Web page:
Texas leaders are wrong to oppose red flag laws

I’m tired of the complacency that haunts Texas politics.

I’ve seen it in state Senate hearings, where chairs formally invite testimony from groups like the Texas State Rifle Association but refuse to offer the same courtesy to students who stand up for the prevention of gun violence.

I’ve seen it in senators’ offices, where staff members listen to survivors tell of the horrors they’ve experienced only to respond with, “Well, sorry, but we don’t want y’all taking our guns away.”

I’ve seen it in Texas House committee hearings where representatives excuse their inaction on safe gun storage laws by falsely equating accidental shooting deaths of children with automobile accidents or other things “that can’t be prevented.”

And I’m not the least bit surprised to now see this complacency transformed into reckless obstruction on the part of our Lt. Gov. Dan Patrick, who has said “red flag laws” won’t advance in the next legislative session.

Red flag laws are designed to help law enforcement officers identify individuals who pose imminent danger to themselves or society. They’re also known as “extreme risk protective orders.” People at risk of violence can submit reports to law enforcement that, after court review, permit police to temporarily — I repeat, temporarily — prevent suspects from gaining access to firearms. Red flag laws have been passed in 10 states and are currently up for debate in 29 more. They’ve been proven to help prevent domestic violence and reduce rates of firearm suicides.

Texas politics have long been plagued by inaction and false promises, but the way that our lawmakers have now outdone themselves with red flag laws is astonishing. They’ve held months of testimony on the issue in a vague attempt to appease gun violence prevention activists, but behind the scenes, it’s obvious that they don’t care about employing these laws to save lives.

While Gov. Greg Abbott was making “bold” public statements about his support for red flag laws, his cronies were making sure the Republican Party platform specifically reaffirmed the GOP’s opposition to them.

In spite of the fact that our state Legislature held hearing after hearing on red flag laws, some dangerously uninformed lawmakers pushed the false narrative that these laws are intended to take the guns out of the hands of rightful owners.

This is blatantly false. Red flag laws pose no threat to the vast majority of gun owners, who are law abiding citizens and model common sense gun use on a daily basis.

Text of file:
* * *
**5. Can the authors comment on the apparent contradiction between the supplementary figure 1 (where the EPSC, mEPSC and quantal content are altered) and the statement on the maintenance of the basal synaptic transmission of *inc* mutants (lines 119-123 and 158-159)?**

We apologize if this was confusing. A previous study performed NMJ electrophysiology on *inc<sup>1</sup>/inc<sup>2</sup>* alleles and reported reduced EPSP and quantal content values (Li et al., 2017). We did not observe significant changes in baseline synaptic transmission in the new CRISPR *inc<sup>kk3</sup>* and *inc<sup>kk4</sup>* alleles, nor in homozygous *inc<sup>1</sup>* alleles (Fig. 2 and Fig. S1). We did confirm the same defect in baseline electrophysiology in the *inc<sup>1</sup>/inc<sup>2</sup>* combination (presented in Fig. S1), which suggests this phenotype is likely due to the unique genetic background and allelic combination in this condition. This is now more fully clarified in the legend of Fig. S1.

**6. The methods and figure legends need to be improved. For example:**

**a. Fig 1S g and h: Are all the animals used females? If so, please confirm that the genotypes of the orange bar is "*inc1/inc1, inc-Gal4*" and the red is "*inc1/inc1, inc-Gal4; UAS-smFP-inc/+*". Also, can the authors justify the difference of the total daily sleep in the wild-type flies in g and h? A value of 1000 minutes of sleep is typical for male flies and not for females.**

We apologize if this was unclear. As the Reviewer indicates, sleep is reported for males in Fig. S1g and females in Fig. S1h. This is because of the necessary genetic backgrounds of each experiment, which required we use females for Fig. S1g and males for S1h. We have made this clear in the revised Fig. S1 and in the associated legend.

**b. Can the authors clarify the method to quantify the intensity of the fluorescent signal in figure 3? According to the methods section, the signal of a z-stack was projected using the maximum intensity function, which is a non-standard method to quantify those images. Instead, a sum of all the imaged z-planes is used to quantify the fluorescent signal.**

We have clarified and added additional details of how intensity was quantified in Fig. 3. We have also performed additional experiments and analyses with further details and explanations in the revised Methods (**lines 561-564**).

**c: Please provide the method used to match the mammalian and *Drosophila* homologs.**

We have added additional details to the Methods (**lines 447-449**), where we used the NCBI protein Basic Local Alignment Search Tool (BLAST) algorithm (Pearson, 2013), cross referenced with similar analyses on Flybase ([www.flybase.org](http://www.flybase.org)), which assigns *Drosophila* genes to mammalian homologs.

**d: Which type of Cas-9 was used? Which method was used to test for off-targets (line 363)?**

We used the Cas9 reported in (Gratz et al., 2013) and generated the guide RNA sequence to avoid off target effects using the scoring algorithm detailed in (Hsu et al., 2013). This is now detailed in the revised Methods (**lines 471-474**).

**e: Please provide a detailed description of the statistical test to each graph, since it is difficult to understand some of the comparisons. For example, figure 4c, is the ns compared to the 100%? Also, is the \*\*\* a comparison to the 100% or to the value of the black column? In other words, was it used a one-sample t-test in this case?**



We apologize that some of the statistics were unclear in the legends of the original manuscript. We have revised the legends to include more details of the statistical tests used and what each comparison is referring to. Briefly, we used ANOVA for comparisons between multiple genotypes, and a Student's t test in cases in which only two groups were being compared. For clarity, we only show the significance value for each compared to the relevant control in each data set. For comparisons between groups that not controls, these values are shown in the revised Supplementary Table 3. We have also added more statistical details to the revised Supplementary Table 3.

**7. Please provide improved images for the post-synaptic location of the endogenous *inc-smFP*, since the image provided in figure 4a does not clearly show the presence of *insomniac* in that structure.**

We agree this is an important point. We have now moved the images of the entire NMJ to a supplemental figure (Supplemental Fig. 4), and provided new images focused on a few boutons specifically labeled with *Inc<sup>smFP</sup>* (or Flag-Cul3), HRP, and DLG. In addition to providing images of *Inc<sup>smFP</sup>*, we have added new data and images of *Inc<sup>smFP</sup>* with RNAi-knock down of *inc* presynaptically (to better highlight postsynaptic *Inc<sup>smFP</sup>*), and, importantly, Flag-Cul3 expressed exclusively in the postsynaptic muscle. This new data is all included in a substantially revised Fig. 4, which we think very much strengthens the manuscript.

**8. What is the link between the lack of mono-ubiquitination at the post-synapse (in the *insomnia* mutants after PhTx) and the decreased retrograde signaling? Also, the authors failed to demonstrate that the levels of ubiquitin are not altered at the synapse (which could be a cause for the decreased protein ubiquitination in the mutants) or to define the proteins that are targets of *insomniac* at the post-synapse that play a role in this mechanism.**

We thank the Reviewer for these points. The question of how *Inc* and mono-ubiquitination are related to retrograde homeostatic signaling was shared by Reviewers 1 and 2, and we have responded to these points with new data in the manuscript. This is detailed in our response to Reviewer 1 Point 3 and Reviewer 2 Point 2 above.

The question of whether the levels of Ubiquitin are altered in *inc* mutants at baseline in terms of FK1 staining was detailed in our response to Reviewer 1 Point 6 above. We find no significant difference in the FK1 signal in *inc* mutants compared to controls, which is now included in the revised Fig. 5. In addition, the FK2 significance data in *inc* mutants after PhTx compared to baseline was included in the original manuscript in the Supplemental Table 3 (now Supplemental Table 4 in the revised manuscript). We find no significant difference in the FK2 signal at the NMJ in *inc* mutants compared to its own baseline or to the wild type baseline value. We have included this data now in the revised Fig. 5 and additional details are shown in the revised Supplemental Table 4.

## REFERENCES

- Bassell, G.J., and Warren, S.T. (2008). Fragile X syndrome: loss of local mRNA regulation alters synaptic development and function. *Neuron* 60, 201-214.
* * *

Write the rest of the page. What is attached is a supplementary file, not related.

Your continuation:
Red flag laws save lives — of both those gun owners and the people around them — but our politicians don’t care.

Red flag laws are supported by the majority of Texans, but our politicians don’t care.

Instead, our politicians are content to blame gun violence on problems that they claim don’t have solutions. They say it’s a matter of bad people doing bad things. If that’s true, red flag laws would help. They say it’s a mental health issue. If that’s true, red flag laws would help.

It appears that our lawmakers would rather protect guns than the lives of their constituents.

Our lawmakers are out of touch with reality. They work in areas far better protected than our schools, our churches, our movie theaters, our grocery stores and our homes. Because no guns are allowed on the House or Senate floor, our elected representatives, unlike the students of Texas, have never had to practice active shooter drills. They have no reason to be afraid.

But my generation does. And that’s why we fight to do what our politicians won’t. We fight because “surviving high school” means something different for kids these days than it did when Dan Patrick was a student.

Mr. Patrick, Mr. Abbott, and their enablers in the Texas Legislature are fine with leaving proposals for red flag laws in the dustbin while Texas hurtles down the road to the next mass shooting, next suicide, next domestic violence incident, and next accidental death.

It’s our job to stand up to them and tell them, “not one more.”

All they have to do is listen. And then they have to act.

Jack Kappelman

Student, activist

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